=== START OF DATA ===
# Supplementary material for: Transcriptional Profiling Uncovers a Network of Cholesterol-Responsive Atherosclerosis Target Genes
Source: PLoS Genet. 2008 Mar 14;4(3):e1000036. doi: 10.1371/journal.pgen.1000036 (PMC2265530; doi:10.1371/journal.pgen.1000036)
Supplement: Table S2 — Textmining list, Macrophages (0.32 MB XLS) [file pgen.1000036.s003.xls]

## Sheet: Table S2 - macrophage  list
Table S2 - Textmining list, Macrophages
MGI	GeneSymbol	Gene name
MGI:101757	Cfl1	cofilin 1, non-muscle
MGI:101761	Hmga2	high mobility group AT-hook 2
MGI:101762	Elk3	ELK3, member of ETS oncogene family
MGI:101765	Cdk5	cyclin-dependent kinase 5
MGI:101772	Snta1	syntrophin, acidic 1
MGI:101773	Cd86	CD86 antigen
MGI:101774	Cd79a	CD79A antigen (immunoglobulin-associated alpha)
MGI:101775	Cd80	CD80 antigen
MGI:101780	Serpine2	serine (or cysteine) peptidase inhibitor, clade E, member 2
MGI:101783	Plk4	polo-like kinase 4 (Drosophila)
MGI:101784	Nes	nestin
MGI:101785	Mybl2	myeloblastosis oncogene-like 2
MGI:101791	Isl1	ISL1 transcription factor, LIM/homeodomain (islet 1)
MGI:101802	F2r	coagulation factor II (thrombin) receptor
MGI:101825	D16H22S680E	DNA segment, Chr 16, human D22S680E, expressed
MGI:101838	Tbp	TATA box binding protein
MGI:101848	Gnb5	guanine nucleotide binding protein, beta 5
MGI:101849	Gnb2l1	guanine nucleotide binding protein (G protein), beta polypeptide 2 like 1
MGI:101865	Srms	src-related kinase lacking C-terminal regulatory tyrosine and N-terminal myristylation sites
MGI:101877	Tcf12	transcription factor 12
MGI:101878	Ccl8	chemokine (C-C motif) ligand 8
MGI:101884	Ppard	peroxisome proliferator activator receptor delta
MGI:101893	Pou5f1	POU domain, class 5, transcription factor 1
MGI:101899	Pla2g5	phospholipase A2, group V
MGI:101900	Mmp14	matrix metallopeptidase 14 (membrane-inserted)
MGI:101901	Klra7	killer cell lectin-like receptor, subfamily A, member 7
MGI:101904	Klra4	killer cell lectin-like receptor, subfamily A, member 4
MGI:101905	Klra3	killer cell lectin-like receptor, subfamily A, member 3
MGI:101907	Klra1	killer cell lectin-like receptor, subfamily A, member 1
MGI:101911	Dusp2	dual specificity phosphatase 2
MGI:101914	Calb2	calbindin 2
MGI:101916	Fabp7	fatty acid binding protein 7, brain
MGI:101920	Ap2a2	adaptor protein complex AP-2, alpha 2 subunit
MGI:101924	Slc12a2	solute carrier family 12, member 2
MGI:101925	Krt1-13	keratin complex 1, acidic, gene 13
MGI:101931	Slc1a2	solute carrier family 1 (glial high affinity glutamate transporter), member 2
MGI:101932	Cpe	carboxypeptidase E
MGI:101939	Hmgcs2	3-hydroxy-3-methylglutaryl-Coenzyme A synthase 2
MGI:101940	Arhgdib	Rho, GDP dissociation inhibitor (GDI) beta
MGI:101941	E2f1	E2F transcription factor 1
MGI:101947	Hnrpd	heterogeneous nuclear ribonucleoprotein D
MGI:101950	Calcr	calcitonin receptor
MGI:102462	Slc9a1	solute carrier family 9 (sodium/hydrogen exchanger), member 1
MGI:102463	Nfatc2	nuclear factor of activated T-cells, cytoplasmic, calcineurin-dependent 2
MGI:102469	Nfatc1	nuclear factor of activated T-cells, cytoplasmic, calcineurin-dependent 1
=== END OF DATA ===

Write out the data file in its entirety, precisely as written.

# Supplementary material for: Transcriptional Profiling Uncovers a Network of Cholesterol-Responsive Atherosclerosis Target Genes
Source: PLoS Genet. 2008 Mar 14;4(3):e1000036. doi: 10.1371/journal.pgen.1000036 (PMC2265530; doi:10.1371/journal.pgen.1000036)
Supplement: Table S2 — Textmining list, Macrophages (0.32 MB XLS) [file pgen.1000036.s003.xls]

## Sheet: Table S2 - macrophage  list
Table S2 - Textmining list, Macrophages
MGI	GeneSymbol	Gene name
MGI:101757	Cfl1	cofilin 1, non-muscle
MGI:101761	Hmga2	high mobility group AT-hook 2
MGI:101762	Elk3	ELK3, member of ETS oncogene family
MGI:101765	Cdk5	cyclin-dependent kinase 5
MGI:101772	Snta1	syntrophin, acidic 1
MGI:101773	Cd86	CD86 antigen
MGI:101774	Cd79a	CD79A antigen (immunoglobulin-associated alpha)
MGI:101775	Cd80	CD80 antigen
MGI:101780	Serpine2	serine (or cysteine) peptidase inhibitor, clade E, member 2
MGI:101783	Plk4	polo-like kinase 4 (Drosophila)
MGI:101784	Nes	nestin
MGI:101785	Mybl2	myeloblastosis oncogene-like 2
MGI:101791	Isl1	ISL1 transcription factor, LIM/homeodomain (islet 1)
MGI:101802	F2r	coagulation factor II (thrombin) receptor
MGI:101825	D16H22S680E	DNA segment, Chr 16, human D22S680E, expressed
MGI:101838	Tbp	TATA box binding protein
MGI:101848	Gnb5	guanine nucleotide binding protein, beta 5
MGI:101849	Gnb2l1	guanine nucleotide binding protein (G protein), beta polypeptide 2 like 1
MGI:101865	Srms	src-related kinase lacking C-terminal regulatory tyrosine and N-terminal myristylation sites
MGI:101877	Tcf12	transcription factor 12
MGI:101878	Ccl8	chemokine (C-C motif) ligand 8
MGI:101884	Ppard	peroxisome proliferator activator receptor delta
MGI:101893	Pou5f1	POU domain, class 5, transcription factor 1
MGI:101899	Pla2g5	phospholipase A2, group V
MGI:101900	Mmp14	matrix metallopeptidase 14 (membrane-inserted)
MGI:101901	Klra7	killer cell lectin-like receptor, subfamily A, member 7
MGI:101904	Klra4	killer cell lectin-like receptor, subfamily A, member 4
MGI:101905	Klra3	killer cell lectin-like receptor, subfamily A, member 3
MGI:101907	Klra1	killer cell lectin-like receptor, subfamily A, member 1
MGI:101911	Dusp2	dual specificity phosphatase 2
MGI:101914	Calb2	calbindin 2
MGI:101916	Fabp7	fatty acid binding protein 7, brain
MGI:101920	Ap2a2	adaptor protein complex AP-2, alpha 2 subunit
MGI:101924	Slc12a2	solute carrier family 12, member 2
MGI:101925	Krt1-13	keratin complex 1, acidic, gene 13
MGI:101931	Slc1a2	solute carrier family 1 (glial high affinity glutamate transporter), member 2
MGI:101932	Cpe	carboxypeptidase E
MGI:101939	Hmgcs2	3-hydroxy-3-methylglutaryl-Coenzyme A synthase 2
MGI:101940	Arhgdib	Rho, GDP dissociation inhibitor (GDI) beta
MGI:101941	E2f1	E2F transcription factor 1
MGI:101947	Hnrpd	heterogeneous nuclear ribonucleoprotein D
MGI:101950	Calcr	calcitonin receptor
MGI:102462	Slc9a1	solute carrier family 9 (sodium/hydrogen exchanger), member 1
MGI:102463	Nfatc2	nuclear factor of activated T-cells, cytoplasmic, calcineurin-dependent 2
MGI:102469	Nfatc1	nuclear factor of activated T-cells, cytoplasmic, calcineurin-dependent 1